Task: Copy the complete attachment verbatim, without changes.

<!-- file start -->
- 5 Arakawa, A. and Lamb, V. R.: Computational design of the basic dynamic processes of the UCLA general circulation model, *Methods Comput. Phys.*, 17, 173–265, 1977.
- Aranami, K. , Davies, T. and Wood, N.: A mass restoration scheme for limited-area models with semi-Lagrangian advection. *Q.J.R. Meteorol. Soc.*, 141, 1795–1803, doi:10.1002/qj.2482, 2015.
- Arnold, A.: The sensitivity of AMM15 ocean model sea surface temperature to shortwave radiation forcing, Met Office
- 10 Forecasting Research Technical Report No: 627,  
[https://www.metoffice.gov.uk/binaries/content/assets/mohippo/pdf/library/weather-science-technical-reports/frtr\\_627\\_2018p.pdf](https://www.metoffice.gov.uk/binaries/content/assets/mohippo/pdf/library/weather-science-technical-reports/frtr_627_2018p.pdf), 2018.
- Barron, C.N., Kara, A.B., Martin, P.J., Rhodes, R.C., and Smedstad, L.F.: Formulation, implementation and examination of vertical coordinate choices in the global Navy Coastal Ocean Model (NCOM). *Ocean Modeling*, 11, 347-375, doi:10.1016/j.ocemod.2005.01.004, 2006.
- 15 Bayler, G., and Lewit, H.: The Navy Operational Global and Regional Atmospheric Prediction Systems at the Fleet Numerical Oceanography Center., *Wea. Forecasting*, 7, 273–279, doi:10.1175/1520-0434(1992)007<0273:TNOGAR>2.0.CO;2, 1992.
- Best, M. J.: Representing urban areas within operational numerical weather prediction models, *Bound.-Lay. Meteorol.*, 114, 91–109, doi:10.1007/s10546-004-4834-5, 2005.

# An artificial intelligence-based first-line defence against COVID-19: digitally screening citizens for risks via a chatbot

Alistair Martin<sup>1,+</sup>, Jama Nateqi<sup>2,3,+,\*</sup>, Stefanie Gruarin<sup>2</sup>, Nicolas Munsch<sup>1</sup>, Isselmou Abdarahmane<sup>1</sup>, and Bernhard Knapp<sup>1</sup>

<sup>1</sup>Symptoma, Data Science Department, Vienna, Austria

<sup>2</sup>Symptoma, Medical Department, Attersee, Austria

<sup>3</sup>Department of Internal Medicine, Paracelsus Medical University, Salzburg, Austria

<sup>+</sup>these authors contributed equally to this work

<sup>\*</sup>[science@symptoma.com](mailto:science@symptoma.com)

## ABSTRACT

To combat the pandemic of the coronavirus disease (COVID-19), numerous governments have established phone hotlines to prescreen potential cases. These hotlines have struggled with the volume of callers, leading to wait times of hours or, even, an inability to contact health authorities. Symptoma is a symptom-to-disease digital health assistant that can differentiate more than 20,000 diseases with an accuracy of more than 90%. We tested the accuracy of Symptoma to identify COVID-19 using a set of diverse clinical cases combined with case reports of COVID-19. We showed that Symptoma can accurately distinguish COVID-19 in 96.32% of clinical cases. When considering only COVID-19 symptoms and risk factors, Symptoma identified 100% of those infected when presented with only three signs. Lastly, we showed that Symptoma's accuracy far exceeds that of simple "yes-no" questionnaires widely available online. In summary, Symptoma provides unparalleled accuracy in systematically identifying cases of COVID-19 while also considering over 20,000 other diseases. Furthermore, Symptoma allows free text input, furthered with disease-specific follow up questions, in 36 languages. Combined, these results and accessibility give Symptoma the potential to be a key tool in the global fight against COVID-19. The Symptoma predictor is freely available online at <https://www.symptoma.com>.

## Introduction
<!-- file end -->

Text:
- 5 Arakawa, A. and Lamb, V. R.: Computational design of the basic dynamic processes of the UCLA general circulation model, *Methods Comput. Phys.*, 17, 173–265, 1977.
- Aranami, K. , Davies, T. and Wood, N.: A mass restoration scheme for limited-area models with semi-Lagrangian advection. *Q.J.R. Meteorol. Soc.*, 141, 1795–1803, doi:10.1002/qj.2482, 2015.
- Arnold, A.: The sensitivity of AMM15 ocean model sea surface temperature to shortwave radiation forcing, Met Office
- 10 Forecasting Research Technical Report No: 627,  
[https://www.metoffice.gov.uk/binaries/content/assets/mohippo/pdf/library/weather-science-technical-reports/frtr\\_627\\_2018p.pdf](https://www.metoffice.gov.uk/binaries/content/assets/mohippo/pdf/library/weather-science-technical-reports/frtr_627_2018p.pdf), 2018.
- Barron, C.N., Kara, A.B., Martin, P.J., Rhodes, R.C., and Smedstad, L.F.: Formulation, implementation and examination of vertical coordinate choices in the global Navy Coastal Ocean Model (NCOM). *Ocean Modeling*, 11, 347-375, doi:10.1016/j.ocemod.2005.01.004, 2006.
- 15 Bayler, G., and Lewit, H.: The Navy Operational Global and Regional Atmospheric Prediction Systems at the Fleet Numerical Oceanography Center., *Wea. Forecasting*, 7, 273–279, doi:10.1175/1520-0434(1992)007<0273:TNOGAR>2.0.CO;2, 1992.
- Best, M. J.: Representing urban areas within operational numerical weather prediction models, *Bound.-Lay. Meteorol.*, 114, 91–109, doi:10.1007/s10546-004-4834-5, 2005.

# An artificial intelligence-based first-line defence against COVID-19: digitally screening citizens for risks via a chatbot

Alistair Martin<sup>1,+</sup>, Jama Nateqi<sup>2,3,+,\*</sup>, Stefanie Gruarin<sup>2</sup>, Nicolas Munsch<sup>1</sup>, Isselmou Abdarahmane<sup>1</sup>, and Bernhard Knapp<sup>1</sup>

<sup>1</sup>Symptoma, Data Science Department, Vienna, Austria

<sup>2</sup>Symptoma, Medical Department, Attersee, Austria

<sup>3</sup>Department of Internal Medicine, Paracelsus Medical University, Salzburg, Austria

<sup>+</sup>these authors contributed equally to this work

<sup>\*</sup>[science@symptoma.com](mailto:science@symptoma.com)

## ABSTRACT

To combat the pandemic of the coronavirus disease (COVID-19), numerous governments have established phone hotlines to prescreen potential cases. These hotlines have struggled with the volume of callers, leading to wait times of hours or, even, an inability to contact health authorities. Symptoma is a symptom-to-disease digital health assistant that can differentiate more than 20,000 diseases with an accuracy of more than 90%. We tested the accuracy of Symptoma to identify COVID-19 using a set of diverse clinical cases combined with case reports of COVID-19. We showed that Symptoma can accurately distinguish COVID-19 in 96.32% of clinical cases. When considering only COVID-19 symptoms and risk factors, Symptoma identified 100% of those infected when presented with only three signs. Lastly, we showed that Symptoma's accuracy far exceeds that of simple "yes-no" questionnaires widely available online. In summary, Symptoma provides unparalleled accuracy in systematically identifying cases of COVID-19 while also considering over 20,000 other diseases. Furthermore, Symptoma allows free text input, furthered with disease-specific follow up questions, in 36 languages. Combined, these results and accessibility give Symptoma the potential to be a key tool in the global fight against COVID-19. The Symptoma predictor is freely available online at <https://www.symptoma.com>.

## Introduction